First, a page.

Kevin Durant isn’t known as an excellent rebounder. Still, he has a 7.8 career rebounding average, and he topped out last season at 9.3 boards per contest for the Nets. KD was primarily passive on the boards during Brooklyn’s first round drubbing against the Celtics, pulling down only 5.8 rebounds per contest. It would have been nice to see Durant attack the glass harder, especially considering he was often the tallest player on the floor for the Nets during a series in which Boston nabbed 44 crucial total offensive rebounds. The Nets lost a pivotal game by a single point as KD notched only four rebounds versus the Celtics’ 14 offensive boards. If KD had gotten more aggressive on the boards and secured, let’s say, eight rebounds in game one, limiting Boston to only ten offensive boards, perhaps the Nets would have pulled out the game. Perhaps the Celtics would have flinched after going down 0-1. Perhaps the Nets would still be playing right now.

LeBron James is one of the most effective non-center rebounders of all time. He has averaged 7.5 rebounds per game throughout his career and was right on par with his norm during the 2011 playoffs against the Mavs, pulling down 7.2 boards per contest. The Heat out-rebounded the Mavs in the finals, 231 total rebounds to 226 total rebounds. LeBron’s rebounding was nothing special, but nobody expected him to morph into the second coming of Dennis Rodman against the Mavs in the penultimate round of the playoffs.


Kevin Durant: 6.3 APG

LeBron James: 6.8 APG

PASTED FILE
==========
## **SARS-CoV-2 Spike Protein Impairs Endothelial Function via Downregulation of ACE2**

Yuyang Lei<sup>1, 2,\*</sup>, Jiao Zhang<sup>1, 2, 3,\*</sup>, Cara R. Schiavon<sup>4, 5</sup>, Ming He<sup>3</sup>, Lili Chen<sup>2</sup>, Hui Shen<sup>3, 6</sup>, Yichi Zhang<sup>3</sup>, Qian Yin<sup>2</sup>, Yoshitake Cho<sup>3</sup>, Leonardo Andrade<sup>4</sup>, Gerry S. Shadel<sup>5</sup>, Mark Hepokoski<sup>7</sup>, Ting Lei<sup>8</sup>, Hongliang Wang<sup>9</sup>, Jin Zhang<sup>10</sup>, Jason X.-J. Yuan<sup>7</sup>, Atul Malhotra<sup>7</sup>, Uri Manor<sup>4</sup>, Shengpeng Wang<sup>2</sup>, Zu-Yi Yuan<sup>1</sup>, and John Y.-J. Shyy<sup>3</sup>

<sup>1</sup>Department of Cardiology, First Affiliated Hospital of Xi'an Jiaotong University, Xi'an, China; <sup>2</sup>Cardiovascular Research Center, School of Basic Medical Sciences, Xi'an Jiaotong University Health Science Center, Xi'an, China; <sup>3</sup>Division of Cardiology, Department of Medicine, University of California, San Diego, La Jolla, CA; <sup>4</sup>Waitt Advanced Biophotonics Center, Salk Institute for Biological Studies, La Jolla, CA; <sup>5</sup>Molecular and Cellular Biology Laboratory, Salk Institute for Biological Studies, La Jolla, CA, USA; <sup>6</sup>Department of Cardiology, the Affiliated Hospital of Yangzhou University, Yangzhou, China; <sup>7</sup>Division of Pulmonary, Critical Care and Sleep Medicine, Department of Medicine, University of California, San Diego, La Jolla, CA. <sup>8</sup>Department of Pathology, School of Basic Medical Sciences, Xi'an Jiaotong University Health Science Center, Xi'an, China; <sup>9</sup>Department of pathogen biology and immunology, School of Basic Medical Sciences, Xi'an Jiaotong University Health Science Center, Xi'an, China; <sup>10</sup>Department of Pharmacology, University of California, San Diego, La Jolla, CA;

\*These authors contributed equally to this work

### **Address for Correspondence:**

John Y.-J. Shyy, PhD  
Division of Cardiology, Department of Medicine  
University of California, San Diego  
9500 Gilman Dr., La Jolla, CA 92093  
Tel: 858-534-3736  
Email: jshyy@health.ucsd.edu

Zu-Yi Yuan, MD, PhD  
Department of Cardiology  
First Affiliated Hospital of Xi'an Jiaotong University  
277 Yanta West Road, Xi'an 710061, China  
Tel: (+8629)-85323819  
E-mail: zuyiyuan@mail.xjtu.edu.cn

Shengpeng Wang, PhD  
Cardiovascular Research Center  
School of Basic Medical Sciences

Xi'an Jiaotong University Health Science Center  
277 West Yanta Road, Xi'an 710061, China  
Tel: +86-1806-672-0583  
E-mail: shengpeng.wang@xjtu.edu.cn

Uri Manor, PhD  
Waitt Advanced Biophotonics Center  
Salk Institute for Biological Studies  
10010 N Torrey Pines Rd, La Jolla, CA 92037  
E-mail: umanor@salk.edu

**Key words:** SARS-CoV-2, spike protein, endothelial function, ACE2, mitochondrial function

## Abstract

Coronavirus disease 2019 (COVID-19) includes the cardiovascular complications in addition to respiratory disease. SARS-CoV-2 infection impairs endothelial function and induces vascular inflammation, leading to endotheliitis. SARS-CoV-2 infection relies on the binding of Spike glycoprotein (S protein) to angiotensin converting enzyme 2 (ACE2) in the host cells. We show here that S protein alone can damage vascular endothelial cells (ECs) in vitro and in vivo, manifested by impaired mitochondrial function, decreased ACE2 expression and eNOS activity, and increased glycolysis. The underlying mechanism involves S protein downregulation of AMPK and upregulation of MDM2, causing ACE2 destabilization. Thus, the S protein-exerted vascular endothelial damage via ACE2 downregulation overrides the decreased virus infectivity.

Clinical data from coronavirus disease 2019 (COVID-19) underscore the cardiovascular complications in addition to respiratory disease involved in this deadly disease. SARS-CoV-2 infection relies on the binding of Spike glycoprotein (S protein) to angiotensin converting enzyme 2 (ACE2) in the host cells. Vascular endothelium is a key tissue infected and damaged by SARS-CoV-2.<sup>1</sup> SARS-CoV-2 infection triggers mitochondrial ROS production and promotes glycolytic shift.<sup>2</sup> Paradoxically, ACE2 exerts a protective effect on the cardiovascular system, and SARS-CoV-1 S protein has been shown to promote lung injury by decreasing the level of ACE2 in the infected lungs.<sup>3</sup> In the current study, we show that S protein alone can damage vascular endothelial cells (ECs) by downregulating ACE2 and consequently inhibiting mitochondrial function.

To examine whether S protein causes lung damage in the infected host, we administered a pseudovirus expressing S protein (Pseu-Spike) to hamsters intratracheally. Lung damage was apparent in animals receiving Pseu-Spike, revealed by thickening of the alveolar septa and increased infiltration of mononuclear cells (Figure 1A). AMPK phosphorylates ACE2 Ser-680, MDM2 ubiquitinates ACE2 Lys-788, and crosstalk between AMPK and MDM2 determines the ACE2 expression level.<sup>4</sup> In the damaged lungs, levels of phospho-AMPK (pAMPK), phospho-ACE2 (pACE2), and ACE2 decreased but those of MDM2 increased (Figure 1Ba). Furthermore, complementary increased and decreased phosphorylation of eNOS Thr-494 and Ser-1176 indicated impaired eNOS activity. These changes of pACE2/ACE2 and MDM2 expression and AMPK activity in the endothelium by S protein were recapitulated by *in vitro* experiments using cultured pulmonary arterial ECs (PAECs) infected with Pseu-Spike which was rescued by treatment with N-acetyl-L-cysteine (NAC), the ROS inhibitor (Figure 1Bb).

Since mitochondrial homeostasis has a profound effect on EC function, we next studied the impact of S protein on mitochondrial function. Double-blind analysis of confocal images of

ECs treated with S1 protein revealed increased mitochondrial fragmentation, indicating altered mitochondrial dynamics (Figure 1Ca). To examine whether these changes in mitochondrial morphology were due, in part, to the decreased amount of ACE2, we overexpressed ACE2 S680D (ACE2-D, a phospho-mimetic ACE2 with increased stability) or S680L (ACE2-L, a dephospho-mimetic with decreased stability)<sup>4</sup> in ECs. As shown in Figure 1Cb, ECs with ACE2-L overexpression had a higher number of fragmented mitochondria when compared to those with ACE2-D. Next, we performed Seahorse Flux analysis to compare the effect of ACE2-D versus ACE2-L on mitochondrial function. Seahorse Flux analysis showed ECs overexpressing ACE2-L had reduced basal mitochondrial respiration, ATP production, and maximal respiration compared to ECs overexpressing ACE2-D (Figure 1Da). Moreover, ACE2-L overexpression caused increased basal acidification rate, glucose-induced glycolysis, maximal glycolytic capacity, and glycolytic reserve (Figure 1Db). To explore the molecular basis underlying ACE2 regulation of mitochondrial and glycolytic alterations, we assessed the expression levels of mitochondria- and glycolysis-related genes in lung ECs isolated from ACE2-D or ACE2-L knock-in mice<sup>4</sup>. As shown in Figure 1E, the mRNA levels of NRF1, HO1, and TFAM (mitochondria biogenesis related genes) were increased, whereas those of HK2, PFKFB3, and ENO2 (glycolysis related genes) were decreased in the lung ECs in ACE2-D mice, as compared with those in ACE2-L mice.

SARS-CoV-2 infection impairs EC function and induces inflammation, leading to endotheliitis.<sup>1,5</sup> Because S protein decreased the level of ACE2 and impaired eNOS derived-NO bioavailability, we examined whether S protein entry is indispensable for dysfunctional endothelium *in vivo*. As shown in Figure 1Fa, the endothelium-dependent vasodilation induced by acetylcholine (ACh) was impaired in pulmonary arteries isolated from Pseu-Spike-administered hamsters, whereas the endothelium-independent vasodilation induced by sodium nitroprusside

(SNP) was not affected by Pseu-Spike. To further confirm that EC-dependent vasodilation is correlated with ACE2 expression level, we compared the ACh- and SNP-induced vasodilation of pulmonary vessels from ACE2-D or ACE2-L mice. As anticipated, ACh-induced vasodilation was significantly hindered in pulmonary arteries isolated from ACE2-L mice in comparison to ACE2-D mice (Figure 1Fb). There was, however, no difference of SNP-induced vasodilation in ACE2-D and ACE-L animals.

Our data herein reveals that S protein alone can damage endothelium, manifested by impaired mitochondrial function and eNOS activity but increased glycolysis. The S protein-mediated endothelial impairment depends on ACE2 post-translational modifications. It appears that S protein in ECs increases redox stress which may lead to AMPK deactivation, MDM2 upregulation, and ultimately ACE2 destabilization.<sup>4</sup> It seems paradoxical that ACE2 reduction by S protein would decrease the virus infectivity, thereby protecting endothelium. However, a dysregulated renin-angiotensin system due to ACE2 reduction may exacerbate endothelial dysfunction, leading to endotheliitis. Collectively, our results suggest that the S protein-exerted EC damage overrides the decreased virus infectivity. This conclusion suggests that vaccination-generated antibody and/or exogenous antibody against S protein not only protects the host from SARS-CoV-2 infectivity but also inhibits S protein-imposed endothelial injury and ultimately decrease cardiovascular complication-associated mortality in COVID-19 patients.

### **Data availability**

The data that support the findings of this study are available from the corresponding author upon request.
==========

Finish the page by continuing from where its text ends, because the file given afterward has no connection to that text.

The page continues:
Kevin Durant has been known mainly as a scorer throughout his 11 years in the NBA, which is mostly fair considering he has averaged 4.1 assists during his career. KD upped his playmaking chops noticeably this season, and after he came back from injury on March 3, he suddenly transformed into a passing phenom.

Here’s a breakdown of KD’s passing numbers after the All-Star break:

18.7 assist points created, 12th in the NBA

12.6 potential assists, 16th in the NBA

7.6 assists, 11th in the NBA

Kevin Durant averaged 15.5 assist points created in the first round of the playoffs, an excellent figure seeing as the Celtics played octopus defense against the Nets, a swirling mass of tentacles that were locked into KD and his teammates.

LeBron James is one of the most talented playmakers of his generation, a passing savant who often seems as if he’s six moves ahead of the opposition like a grandmaster playing chess against, well, me. That’s what makes James’s finals passing performance so disturbing. If he didn’t want to take over by scoring, he could have pressured the Mavs with his exceptional drive and kick game, setting up his teammates with easy looks on the perimeter. He didn’t, though. Instead, he mostly swung the ball to Dwyane Wade and watched as his partner in crime worked one-on-one. The entire complexion of the finals who have changed if James had averaged double-figure assists.


Kevin Durant: 1.0 SPG

LeBron James: 1.7 SPG

Kevin Durant entered the league with a bamboo shoot frame and played the type of defense you’d expect from an outmatched kid; bowling pin versus bowling ball. But KD is a massive gym rat who hit the weights tirelessly and gained enough muscle to become a plus-defender, a player capable of guarding the perimeter, block, and rim. KD’s defensive progress was nullified in the 2022 playoffs. Not only did he have little to no impact on the game by racking up steals (1.0) and deflections (1.8), but Jayson Tatum abused him throughout the postseason. Per’s matchup tool, Kevin Durant was assigned to Jayson Tatum for 82.3 possessions on defense, allowing him to shoot 50.0% from deep and 47.4 overall from the field as he created 89 total team points. KD had to do more on the less fun end for his “offensive-oriented” Brooklyn squad to get enough stops to win.